Beyond energy, however, the effects of Harvey and Irma appeared much more modest. Replacement demand for autos following the storms was not enough to arrest the slide in prices that has been in train since early this year. Despite a 12-year high in new vehicle sales, prices slid 0.4 percent.Used vehicle prices were also down (0.2 percent), although the drops in August and September were the smallest of this year.

Hotel prices may have gotten a lift from the large-scale evacuations, but the 1.5 percent rise in September does not look unusually large relative to the swings in recent months; the lodging away from home index has swung by a greater magnitude in four of the previous five months.

Excluding food and energy, the core index suggests the trend in inflation remains weak relative to the start of the year. Core inflation rose 0.1 percent, which was enough to bring the 3-month annualized rate up to 2.0 percent. While that is above the current year-ago rate and points to the 12-month change edging a bit higher in the coming months, it continues to run below the roughly 2.2 percent pace of late last year.

Core services rose more moderately in September (up 0.2 percent) amid more subdued gains in shelter costs, medical care, and transportation. Meanwhile, core goods prices fell for a seventh consecutive month due to the aforementioned declines in prices for autos, but also apparel, prescription drugs, and household furnishings.

Transitory or Persistent Is Still an Open Question for the Fed

At a time when the Fed is closely examining all inflation data for clues about whether the slowdown that began last spring is likely to be temporary or persistent, today’s CPI report does not provide much comfort. As indicated in the statement and minutes following the September meeting, FOMC members expected to see inflation lifted temporarily by the hurricane-related bump in gasoline and other items last month. Yet the modest increase in core inflation is likely to keep many Fed officials concerned about the near-term path of inflation and whether another rate hike will be warranted in December. Fortunately for the data-dependent Fed, there will be two more CPI and PCE inflation reports before the December decision, meaning there is still time for greater clarity to emerge.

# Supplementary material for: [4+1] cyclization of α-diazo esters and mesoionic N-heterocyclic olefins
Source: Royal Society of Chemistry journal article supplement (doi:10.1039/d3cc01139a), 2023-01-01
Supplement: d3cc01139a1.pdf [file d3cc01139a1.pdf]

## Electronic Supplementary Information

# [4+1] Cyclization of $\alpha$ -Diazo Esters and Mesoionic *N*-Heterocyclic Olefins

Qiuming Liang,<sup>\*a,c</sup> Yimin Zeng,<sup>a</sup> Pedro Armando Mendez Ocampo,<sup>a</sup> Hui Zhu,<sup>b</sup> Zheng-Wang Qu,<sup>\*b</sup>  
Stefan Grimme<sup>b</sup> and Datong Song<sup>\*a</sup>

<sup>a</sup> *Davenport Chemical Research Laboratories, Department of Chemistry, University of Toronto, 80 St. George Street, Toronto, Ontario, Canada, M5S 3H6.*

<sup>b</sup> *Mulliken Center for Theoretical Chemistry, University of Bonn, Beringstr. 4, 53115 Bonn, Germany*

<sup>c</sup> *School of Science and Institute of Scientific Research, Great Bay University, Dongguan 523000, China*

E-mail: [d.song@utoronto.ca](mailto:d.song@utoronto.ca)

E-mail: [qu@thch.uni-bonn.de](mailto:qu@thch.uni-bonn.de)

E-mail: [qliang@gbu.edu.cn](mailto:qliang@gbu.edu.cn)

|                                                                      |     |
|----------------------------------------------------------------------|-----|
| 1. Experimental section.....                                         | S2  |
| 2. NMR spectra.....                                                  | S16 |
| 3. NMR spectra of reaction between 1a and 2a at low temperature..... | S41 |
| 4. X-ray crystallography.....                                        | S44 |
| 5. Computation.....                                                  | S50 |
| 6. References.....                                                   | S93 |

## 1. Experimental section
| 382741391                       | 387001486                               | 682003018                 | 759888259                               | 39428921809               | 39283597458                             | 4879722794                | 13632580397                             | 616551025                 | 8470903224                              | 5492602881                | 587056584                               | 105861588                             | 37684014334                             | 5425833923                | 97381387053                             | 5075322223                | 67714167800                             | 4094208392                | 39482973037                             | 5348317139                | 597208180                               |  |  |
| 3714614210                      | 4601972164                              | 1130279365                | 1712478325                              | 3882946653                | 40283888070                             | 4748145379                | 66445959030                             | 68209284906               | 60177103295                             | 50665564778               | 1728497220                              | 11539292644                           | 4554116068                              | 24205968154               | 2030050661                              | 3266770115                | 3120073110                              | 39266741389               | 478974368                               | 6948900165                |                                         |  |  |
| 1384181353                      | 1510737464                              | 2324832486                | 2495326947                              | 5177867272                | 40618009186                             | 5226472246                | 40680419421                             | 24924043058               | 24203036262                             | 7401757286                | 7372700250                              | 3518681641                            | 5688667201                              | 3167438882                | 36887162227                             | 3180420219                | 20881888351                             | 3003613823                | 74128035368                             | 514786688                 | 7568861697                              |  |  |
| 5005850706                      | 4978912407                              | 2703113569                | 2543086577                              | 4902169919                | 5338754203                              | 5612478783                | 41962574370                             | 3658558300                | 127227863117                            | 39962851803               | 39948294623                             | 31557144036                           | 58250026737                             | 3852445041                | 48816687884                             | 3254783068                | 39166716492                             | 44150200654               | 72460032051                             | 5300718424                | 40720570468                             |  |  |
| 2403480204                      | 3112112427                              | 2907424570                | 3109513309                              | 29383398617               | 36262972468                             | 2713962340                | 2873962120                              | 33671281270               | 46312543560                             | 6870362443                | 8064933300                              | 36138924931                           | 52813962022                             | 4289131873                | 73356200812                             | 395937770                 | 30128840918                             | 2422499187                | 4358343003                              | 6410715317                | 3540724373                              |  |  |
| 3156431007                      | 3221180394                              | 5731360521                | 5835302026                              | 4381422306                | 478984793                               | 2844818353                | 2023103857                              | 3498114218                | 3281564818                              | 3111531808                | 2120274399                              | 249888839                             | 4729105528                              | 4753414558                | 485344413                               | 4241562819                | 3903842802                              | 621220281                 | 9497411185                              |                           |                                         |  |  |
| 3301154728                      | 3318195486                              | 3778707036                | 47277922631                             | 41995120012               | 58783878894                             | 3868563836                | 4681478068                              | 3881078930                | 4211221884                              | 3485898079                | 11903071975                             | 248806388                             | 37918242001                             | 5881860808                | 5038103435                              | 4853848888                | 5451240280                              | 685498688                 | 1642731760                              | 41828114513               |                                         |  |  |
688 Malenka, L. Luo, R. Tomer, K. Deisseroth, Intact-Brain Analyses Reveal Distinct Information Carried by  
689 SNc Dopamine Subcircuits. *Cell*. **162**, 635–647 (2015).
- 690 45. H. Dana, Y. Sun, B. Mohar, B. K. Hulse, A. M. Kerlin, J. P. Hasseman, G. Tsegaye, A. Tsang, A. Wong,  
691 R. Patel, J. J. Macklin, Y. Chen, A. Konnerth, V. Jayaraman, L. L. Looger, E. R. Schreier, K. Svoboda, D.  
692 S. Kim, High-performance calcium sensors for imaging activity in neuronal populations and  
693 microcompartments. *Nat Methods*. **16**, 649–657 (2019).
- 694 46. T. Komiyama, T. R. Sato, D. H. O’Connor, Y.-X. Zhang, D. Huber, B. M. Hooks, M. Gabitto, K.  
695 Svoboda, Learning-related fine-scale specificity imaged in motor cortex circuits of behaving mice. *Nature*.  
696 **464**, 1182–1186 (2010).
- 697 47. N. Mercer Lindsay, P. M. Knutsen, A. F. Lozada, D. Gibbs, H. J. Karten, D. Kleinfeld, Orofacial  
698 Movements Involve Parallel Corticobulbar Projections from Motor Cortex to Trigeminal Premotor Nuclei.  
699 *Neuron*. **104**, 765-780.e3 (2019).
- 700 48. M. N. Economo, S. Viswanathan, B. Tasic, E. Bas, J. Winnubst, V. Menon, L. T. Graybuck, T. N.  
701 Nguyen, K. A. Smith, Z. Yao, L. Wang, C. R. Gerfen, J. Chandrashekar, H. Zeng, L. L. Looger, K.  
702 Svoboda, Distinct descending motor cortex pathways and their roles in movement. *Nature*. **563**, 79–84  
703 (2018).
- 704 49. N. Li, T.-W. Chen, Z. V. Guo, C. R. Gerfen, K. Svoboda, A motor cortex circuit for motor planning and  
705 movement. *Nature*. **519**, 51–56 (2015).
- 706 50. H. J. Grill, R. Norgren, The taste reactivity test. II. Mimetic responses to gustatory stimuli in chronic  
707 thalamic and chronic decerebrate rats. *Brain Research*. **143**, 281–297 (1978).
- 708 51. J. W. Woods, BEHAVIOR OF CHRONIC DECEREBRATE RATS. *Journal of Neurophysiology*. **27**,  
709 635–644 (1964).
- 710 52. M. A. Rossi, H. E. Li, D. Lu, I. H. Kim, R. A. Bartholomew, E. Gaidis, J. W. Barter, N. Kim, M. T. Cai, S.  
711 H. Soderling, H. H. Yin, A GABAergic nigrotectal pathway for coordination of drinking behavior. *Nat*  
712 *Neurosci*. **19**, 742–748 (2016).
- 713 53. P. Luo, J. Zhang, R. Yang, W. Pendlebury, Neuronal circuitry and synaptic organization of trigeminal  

Source: U.S. Department of Labor and Wells Fargo Securities

Wells Fargo Reports: Construction Spending Rose in August

Total construction spending was up 0.5 percent in August, though July’s drop was worse than first reported. Public spending was up slightly in August after considerable weakness in June and July.

Outlays Up Across the Board in August

  • Construction spending was up 0.5 percent in August. Revisions brought more of June’s weakness to July. Beyond the month-to-month volatility and revisions, total construction is running 4.7 percent ahead of last year on a year-to-date basis.
  • Private construction is buoying total construction outlays as the government continues to spend less on most construction categories. Public outlays are down 5.3 percent year-to-date.

Private Residential Had Solid Footing Pre-Storms

  • Private residential construction outlays were up 12.6 percent year-to-date through August. Both single- and multifamily units were up solidly. Construction spending data in coming months are likely to be very volatile due to hurricanes derailing projects and as rebuilding gets underway. The seasonal adjustment will likely exacerbate impacts during fall months. We expect residential construction to be a drag on GDP until maybe next spring.